Hundreds of millions of children in South Asian are suffering because their schools have been closed because of the coronavirus but they lack online devices and connections for remote learning, UNICEF said on Thursday.
Authorities should prioritise the safe reopening of schools because even before the pandemic, almost 60% of children in the densely populated region were unable to read and understand a simple text by the age of 10, the UN children's agency said.
"School closures in South Asia have forced hundreds of millions of children and their teachers to transition to remote learning in a region with low connectivity and device affordability," said George Laryea-Adjei, UNICEF's regional director for South Asia.
"Even when a family has access to technology, children are not always able to access it. As a result, children have suffered enormous setbacks in their learning journey."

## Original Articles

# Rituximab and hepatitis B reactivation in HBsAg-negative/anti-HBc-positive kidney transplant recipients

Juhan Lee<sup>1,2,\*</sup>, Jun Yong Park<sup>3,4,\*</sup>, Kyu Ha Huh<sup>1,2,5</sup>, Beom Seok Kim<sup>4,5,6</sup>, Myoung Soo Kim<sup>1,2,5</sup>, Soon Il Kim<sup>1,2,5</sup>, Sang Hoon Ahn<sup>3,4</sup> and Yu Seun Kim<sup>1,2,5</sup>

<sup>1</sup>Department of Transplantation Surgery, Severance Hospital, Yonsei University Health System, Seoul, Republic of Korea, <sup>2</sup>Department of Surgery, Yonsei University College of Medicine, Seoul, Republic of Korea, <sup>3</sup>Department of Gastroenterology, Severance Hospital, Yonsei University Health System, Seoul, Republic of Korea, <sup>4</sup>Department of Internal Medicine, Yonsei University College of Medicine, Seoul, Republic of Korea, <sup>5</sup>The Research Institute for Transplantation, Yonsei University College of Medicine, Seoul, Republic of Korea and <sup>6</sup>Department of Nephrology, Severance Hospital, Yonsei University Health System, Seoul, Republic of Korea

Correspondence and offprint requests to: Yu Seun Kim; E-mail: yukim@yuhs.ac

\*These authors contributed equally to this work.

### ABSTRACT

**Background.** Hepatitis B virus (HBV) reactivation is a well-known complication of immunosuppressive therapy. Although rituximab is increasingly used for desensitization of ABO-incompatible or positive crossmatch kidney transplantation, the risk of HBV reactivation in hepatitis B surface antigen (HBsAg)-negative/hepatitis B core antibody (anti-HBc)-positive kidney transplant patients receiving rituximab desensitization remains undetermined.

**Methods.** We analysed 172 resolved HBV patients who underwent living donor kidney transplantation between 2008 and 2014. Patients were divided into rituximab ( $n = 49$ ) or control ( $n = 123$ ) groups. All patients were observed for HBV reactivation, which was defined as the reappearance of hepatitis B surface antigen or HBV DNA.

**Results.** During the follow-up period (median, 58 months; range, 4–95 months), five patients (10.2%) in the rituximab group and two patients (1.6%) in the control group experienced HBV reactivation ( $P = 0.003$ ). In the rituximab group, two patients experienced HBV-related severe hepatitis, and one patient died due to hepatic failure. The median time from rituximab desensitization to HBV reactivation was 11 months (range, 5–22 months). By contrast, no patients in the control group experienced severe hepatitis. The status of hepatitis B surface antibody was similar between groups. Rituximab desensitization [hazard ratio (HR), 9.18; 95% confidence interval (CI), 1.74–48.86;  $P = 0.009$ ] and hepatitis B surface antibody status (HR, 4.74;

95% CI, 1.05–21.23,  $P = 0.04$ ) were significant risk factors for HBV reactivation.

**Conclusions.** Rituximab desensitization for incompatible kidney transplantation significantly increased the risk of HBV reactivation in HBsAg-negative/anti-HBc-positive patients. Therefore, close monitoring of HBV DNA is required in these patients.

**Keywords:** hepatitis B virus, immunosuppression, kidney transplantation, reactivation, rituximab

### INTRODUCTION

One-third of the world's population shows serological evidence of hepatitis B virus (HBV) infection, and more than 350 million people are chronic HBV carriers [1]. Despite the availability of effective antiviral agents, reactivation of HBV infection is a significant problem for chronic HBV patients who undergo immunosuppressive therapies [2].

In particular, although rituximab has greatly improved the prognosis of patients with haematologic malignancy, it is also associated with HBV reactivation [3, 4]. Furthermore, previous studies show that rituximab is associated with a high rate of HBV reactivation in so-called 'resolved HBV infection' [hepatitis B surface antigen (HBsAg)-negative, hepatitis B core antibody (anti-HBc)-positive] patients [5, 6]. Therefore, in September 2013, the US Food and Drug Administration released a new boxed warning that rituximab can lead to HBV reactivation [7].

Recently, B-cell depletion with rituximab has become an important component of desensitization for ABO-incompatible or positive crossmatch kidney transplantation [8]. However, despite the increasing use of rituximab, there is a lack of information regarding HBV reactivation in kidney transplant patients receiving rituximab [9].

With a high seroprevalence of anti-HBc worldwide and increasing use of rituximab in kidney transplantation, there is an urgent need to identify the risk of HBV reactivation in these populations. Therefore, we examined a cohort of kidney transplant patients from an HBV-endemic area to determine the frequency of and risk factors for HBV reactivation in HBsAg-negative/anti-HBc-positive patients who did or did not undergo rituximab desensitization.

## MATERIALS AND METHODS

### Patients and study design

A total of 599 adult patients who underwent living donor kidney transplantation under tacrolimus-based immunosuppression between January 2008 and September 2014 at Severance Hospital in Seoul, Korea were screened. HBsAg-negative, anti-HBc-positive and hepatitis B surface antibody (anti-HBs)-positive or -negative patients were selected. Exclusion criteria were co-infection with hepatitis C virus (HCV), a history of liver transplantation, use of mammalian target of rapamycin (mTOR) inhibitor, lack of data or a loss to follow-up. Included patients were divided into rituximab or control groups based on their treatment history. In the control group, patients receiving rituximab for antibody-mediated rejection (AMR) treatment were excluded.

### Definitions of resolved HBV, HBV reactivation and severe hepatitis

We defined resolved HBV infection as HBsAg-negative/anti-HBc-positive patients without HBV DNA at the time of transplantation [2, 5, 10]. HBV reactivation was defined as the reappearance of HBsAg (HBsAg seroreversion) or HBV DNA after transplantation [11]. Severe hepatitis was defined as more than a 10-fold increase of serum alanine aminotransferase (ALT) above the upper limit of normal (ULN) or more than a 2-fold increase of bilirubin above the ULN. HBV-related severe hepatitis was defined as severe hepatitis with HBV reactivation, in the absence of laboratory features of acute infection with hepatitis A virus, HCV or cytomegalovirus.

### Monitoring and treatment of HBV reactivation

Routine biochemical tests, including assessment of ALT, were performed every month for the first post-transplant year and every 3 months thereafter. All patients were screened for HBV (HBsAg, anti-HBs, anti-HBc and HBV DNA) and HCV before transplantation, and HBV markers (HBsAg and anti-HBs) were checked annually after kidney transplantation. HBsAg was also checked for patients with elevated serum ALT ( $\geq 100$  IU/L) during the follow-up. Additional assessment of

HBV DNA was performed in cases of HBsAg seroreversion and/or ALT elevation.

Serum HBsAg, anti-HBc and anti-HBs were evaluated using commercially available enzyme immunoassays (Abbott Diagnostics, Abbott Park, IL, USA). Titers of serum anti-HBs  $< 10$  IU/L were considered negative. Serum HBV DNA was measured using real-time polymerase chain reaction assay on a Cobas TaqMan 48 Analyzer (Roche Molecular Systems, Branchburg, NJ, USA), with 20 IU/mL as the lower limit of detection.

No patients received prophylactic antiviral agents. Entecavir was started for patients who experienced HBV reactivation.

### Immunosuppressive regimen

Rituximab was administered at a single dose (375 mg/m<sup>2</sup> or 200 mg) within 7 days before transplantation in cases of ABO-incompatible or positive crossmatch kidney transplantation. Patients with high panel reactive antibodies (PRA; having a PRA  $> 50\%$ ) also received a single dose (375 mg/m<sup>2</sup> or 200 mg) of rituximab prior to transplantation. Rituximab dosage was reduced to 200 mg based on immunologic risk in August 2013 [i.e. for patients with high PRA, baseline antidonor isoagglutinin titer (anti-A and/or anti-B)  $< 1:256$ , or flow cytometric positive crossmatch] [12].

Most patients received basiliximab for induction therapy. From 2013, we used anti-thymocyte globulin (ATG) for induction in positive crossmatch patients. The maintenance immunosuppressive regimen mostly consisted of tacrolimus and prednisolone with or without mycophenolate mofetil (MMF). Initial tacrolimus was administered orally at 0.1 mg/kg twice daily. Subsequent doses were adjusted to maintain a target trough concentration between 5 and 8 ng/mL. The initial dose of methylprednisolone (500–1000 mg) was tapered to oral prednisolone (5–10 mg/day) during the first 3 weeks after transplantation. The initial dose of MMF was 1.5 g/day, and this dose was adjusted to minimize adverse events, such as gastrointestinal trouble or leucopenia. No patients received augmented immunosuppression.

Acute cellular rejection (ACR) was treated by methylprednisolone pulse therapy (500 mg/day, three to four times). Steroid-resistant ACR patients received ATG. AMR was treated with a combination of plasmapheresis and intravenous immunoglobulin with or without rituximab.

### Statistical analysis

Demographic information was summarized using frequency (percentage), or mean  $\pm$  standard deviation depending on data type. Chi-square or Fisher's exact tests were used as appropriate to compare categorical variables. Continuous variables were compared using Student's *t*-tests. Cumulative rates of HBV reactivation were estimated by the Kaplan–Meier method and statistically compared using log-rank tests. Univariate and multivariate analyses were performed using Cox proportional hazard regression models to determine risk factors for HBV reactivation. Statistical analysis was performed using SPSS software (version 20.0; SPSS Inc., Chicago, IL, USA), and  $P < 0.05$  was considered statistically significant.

The repeated school closures since last year had affected 434 million children in South Asia and a substantial proportion of them were learning significantly less compared with pre-pandemic levels, UNICEF said in a report based on research in India, the Maldives, Pakistan and Sri Lanka.
In India, 80% of children aged 14-18 reported lower levels of learning than when physically at school. In Sri Lanka, 69% of parents of primary-school children said that their children were learning less or a lot less.
In Pakistan, 23% of younger children did not have access to any device for remote learning. In India, 42% of children between the ages of 6 and 13 reported no remote learning during school closures.
"The safe reopening of schools must be considered an utmost priority for all governments," said George Laryea-Adjei.
Indian epidemiolgists and social scientists have asked authorities to reopen classes for all children, saying the benefits outweigh the risks, especially as poor, rural children are missing out on online education.
South Asia, with nearly 2 billion people, has reported more than 37 million coronavirus infections and more than 523,000 deaths.